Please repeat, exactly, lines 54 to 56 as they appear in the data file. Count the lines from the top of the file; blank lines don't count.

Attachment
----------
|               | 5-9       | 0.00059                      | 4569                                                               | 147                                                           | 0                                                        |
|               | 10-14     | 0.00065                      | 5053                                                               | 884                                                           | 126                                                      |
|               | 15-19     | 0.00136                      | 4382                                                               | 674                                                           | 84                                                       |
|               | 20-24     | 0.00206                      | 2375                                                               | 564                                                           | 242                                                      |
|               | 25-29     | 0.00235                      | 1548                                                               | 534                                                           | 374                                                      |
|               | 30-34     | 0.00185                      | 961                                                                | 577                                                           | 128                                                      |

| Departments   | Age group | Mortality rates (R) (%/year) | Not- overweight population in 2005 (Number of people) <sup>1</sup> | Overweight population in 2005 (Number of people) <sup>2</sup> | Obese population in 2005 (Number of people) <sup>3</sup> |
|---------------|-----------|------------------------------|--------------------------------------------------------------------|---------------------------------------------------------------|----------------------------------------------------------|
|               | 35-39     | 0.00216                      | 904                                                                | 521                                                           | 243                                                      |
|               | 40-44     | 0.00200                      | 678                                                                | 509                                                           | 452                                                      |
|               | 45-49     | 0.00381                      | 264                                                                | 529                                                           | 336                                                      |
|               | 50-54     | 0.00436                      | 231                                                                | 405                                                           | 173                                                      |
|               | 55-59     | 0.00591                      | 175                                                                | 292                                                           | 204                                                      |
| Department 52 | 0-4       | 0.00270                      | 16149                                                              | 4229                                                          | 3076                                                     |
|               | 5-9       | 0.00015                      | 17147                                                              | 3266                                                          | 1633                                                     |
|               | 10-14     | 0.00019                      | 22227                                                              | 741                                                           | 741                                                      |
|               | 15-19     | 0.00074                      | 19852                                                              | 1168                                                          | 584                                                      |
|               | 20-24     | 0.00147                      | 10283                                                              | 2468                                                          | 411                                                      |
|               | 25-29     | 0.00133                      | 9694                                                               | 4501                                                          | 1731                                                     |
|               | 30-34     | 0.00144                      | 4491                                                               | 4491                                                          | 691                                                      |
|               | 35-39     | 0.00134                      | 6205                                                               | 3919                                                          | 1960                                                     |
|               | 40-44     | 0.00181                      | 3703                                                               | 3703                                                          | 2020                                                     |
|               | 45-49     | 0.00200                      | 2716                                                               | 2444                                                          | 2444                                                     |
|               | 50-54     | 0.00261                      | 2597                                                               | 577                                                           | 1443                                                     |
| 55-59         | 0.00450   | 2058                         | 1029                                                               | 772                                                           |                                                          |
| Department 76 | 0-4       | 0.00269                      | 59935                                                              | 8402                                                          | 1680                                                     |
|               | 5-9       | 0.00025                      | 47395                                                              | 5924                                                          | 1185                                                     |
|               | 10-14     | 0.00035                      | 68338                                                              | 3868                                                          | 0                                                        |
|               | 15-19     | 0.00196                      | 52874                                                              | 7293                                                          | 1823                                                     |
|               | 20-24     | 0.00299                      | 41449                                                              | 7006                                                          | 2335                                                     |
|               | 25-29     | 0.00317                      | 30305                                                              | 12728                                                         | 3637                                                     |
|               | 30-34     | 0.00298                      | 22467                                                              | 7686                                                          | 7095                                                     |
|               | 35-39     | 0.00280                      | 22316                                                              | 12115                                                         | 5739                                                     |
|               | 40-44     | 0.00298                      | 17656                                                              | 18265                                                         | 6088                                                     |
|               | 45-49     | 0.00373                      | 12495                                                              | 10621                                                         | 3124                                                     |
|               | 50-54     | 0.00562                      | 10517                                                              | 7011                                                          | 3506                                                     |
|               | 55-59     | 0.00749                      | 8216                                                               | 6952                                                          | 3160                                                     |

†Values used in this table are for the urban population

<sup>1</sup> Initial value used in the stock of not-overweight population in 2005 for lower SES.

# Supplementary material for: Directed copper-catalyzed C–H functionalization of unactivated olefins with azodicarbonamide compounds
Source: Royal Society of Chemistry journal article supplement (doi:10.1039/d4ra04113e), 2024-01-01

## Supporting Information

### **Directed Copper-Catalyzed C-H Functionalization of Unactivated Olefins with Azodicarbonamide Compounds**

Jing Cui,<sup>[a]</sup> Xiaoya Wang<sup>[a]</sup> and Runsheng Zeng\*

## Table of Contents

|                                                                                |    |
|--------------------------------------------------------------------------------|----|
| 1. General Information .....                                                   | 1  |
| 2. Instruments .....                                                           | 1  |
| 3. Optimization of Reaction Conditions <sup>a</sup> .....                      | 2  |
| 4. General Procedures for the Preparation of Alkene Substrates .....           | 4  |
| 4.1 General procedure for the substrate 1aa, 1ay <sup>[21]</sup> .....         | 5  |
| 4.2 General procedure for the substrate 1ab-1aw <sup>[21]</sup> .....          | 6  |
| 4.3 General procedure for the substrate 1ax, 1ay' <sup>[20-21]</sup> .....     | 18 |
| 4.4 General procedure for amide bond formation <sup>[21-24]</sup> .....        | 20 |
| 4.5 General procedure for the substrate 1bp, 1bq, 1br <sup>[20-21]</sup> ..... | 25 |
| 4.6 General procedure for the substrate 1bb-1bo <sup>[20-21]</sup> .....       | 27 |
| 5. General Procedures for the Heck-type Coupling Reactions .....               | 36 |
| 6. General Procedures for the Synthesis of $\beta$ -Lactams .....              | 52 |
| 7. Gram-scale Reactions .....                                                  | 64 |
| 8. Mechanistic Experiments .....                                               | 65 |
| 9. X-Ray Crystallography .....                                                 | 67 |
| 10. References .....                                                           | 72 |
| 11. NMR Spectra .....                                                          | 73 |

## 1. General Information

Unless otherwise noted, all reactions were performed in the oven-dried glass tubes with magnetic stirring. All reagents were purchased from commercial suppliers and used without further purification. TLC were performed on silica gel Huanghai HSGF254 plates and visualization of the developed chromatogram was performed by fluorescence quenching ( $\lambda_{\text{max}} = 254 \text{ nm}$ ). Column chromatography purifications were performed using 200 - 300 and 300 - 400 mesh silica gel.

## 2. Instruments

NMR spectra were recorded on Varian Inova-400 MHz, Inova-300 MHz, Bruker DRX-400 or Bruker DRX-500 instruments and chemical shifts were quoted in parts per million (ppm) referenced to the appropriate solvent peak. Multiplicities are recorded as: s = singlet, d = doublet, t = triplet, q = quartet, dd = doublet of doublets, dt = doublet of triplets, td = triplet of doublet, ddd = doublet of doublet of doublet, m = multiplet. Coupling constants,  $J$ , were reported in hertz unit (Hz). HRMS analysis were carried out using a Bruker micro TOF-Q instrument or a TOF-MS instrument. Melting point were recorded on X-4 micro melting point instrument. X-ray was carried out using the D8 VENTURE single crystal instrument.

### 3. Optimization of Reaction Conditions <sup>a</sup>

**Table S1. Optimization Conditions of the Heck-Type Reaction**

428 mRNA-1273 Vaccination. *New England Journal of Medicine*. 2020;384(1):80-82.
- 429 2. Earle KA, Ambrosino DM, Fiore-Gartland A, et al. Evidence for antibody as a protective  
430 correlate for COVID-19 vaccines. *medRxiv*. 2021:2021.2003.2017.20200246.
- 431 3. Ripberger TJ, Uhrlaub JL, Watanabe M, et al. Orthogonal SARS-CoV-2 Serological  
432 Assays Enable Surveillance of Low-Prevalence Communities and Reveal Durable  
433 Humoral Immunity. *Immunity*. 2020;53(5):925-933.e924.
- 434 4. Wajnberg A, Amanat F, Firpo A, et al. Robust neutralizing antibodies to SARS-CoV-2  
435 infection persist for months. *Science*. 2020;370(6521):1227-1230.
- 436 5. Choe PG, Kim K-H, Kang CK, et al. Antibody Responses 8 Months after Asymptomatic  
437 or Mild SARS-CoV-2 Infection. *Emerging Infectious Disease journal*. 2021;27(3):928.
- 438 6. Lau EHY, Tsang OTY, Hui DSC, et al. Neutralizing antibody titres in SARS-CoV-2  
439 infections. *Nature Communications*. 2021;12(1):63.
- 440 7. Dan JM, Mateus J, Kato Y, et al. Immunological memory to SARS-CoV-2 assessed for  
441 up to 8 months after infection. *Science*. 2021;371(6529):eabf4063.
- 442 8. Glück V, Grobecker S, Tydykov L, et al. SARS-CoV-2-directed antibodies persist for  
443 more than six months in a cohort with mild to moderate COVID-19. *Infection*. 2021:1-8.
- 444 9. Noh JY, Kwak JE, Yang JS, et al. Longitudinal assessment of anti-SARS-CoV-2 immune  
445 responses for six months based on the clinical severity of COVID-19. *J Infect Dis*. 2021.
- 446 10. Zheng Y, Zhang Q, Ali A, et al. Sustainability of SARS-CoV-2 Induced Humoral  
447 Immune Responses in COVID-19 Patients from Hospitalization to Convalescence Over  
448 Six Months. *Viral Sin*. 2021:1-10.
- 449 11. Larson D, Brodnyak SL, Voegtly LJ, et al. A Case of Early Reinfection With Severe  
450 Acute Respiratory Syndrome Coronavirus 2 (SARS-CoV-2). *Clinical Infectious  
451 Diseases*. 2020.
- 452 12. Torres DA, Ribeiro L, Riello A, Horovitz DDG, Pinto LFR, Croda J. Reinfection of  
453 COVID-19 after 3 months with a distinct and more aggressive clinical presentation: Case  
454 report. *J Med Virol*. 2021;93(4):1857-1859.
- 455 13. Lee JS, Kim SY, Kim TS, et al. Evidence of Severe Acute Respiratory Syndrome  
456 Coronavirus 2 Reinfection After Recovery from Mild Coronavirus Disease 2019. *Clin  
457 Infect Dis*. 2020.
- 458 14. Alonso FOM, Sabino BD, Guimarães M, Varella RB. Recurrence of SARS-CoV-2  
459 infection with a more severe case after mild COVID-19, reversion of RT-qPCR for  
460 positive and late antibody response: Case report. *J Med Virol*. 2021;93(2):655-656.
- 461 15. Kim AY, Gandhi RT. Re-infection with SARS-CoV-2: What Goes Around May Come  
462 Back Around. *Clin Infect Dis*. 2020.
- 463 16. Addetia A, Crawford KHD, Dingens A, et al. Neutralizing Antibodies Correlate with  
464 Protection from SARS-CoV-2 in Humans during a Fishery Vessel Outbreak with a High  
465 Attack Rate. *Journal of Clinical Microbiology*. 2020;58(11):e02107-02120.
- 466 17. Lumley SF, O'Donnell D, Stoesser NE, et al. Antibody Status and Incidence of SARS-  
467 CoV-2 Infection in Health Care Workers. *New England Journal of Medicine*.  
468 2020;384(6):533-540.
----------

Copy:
| 4.3 General procedure for the substrate 1ax, 1ay' <sup>[20-21]</sup> .....     | 18 |
| 4.4 General procedure for amide bond formation <sup>[21-24]</sup> .....        | 20 |
| 4.5 General procedure for the substrate 1bp, 1bq, 1br <sup>[20-21]</sup> ..... | 25 |